Harriet: The Blog
The Poetry Foundation’s blog, Harriet, will host more than 30 poets during the month of April, including Stephen Burt, Olena Kalytiak Davis, Daisy Fried, D.A. Powell, and Rachel Zucker. Poets will engage in a lively month-long conversation about poetry, poetics, and the poetry blogosphere. This is the third year the blog will host a National Poetry Month discussion. Follow the conversation
The East Village Poetry Walk
Passing Stranger—The East Village Poetry Walk is the new audio walking tour of poetry-related sites in New York City’s East Village. Focusing on poetry and poets from the 1950s to the present, including Allen Ginsberg, Kenneth Koch, Frank O’Hara, Ron Padgett, and Anne Waldman, the tour stops include St. Mark’s Church in-the-Bowery, W.H. Auden’s old apartment building, Tompkins Square Park, and the Bowery Poetry Club. Each stop presents a montage of poetry, interviews, and archival recordings relating to that particular place. Users can take the two-mile tour using an mp3 player. Download the free audio file and a map outlining the route. Passing Stranger—The East Village Poetry Walk was created by Pejk Malinovski with support from the Poetry Foundation.
Poetry for Children: Martha Speaks and Arthur
The Poetry Foundation has teamed up with WGBH to help promote poetry to children during National Poetry Month. Best-selling poet Billy Collins and inaugural Children’s Poet Laureate Jack Prelutsky will appear on episodes of beloved children’s TV programs Martha Speaks and Arthur on Monday, April 2, on PBS KIDS (check local listings). Beyond the broadcast, kids are invited to create and publish their own poetry online with the all-new game Martha’s Rhyme Time at pbskids.org/martha. Kids can also write and share their poems online with Fern’s Poetry Club at pbskids.org/arthur. In addition, the Poetry Foundation’s @PoetryFound Twitter handle will participate in a Tweet-Up discussion of children’s poetry on Wednesday, March 28, from 8pm to 9pm CT.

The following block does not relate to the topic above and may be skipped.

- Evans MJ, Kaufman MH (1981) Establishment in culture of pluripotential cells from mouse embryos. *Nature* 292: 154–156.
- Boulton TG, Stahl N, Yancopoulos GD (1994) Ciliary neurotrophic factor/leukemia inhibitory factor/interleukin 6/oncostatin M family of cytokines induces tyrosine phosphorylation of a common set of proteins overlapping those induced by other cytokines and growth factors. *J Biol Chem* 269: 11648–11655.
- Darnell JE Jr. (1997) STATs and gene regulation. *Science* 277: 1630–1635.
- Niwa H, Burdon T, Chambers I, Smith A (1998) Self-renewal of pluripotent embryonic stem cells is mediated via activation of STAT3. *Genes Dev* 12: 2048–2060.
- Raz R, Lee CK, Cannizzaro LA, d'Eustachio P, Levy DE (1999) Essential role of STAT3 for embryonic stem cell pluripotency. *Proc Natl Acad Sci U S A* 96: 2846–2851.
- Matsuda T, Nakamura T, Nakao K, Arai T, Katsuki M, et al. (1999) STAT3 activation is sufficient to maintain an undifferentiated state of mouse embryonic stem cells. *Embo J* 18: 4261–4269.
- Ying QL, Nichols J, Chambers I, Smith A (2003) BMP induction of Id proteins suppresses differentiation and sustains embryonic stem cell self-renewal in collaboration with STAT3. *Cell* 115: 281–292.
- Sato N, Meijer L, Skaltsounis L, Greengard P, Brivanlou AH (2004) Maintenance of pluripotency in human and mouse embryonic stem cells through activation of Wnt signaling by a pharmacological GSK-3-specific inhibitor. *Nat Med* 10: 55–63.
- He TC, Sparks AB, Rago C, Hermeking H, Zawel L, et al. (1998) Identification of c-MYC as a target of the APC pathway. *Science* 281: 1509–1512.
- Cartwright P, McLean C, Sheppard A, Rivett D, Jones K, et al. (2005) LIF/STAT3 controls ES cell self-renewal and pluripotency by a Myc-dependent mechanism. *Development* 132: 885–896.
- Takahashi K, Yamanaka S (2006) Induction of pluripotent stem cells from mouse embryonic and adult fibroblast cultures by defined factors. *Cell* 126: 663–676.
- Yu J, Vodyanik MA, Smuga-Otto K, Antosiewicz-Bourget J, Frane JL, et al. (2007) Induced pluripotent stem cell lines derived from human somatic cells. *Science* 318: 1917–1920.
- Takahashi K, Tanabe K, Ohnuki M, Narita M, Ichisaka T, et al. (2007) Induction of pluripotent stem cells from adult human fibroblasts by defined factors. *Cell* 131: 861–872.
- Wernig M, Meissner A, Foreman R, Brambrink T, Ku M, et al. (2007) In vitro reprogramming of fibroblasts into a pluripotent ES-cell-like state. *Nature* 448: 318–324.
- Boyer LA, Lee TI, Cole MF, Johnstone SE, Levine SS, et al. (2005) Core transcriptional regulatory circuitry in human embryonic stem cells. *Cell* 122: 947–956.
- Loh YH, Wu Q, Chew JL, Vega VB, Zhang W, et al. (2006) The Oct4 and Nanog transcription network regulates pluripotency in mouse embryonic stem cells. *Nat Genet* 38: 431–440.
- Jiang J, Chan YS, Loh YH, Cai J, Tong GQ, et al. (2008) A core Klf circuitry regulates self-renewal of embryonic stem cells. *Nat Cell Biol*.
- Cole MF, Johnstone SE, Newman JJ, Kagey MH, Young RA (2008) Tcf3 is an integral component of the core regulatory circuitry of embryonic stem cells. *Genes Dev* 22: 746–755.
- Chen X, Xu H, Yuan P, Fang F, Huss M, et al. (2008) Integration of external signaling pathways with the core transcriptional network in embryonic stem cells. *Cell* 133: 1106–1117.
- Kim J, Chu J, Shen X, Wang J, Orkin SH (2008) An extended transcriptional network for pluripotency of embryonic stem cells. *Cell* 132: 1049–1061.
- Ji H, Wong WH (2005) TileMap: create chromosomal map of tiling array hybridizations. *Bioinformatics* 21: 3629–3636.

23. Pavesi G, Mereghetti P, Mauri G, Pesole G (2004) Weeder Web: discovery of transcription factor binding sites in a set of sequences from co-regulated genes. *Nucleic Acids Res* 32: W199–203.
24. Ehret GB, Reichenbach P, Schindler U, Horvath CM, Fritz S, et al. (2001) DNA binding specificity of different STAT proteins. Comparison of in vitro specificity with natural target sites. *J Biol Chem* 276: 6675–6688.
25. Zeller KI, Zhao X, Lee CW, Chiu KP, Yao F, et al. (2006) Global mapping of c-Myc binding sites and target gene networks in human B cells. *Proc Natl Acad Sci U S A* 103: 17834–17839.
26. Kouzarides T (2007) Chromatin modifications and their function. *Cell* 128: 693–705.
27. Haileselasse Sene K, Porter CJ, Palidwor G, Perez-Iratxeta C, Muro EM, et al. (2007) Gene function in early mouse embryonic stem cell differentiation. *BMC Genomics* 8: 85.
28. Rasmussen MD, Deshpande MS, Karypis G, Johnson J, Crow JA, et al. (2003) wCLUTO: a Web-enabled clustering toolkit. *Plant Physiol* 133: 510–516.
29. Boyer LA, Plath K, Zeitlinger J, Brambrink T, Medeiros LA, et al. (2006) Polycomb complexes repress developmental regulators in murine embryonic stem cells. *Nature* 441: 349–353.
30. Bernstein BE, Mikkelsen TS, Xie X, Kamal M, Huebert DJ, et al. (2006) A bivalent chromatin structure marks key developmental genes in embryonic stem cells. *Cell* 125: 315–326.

The National Magazine Award-nominated POETRY app is now available for iPhone, iPad, and Android. The app features Poetry magazine poems, plus hundreds of additional poems by classic and contemporary poets—from William Shakespeare to C├ęsar Vallejo to Heather McHugh. Users can search for old favorites with memorable lines, discover new poems to fit any mood, save favorite poems to read and share later through Facebook, Twitter, or e-mail. Download the free app.
American Life in Poetry
April 2012 marks the seventh anniversary of American Life in Poetry, a project that brings free poetry content to newspapers around the country. Founded by former U.S. Poet Laureate Ted Kooser, American Life in Poetry regularly runs in newspapers across the country and is published in a range of Internet outlets. Over the last seven years the column has featured more than 300 poets, including award-winning poets Linda Pastan, Jane Hirshfield, and Robert Bly. The column not only brings contemporary poetry to a wider audience but also restores poetry’s traditional place in newspapers, where the column is well received by regular readers. Sign up to receive the column.

Follow the Poetry Foundation and Poetry on Facebook
at www.facebook.com/poetryfoundation
or on Twitter @PoetryFound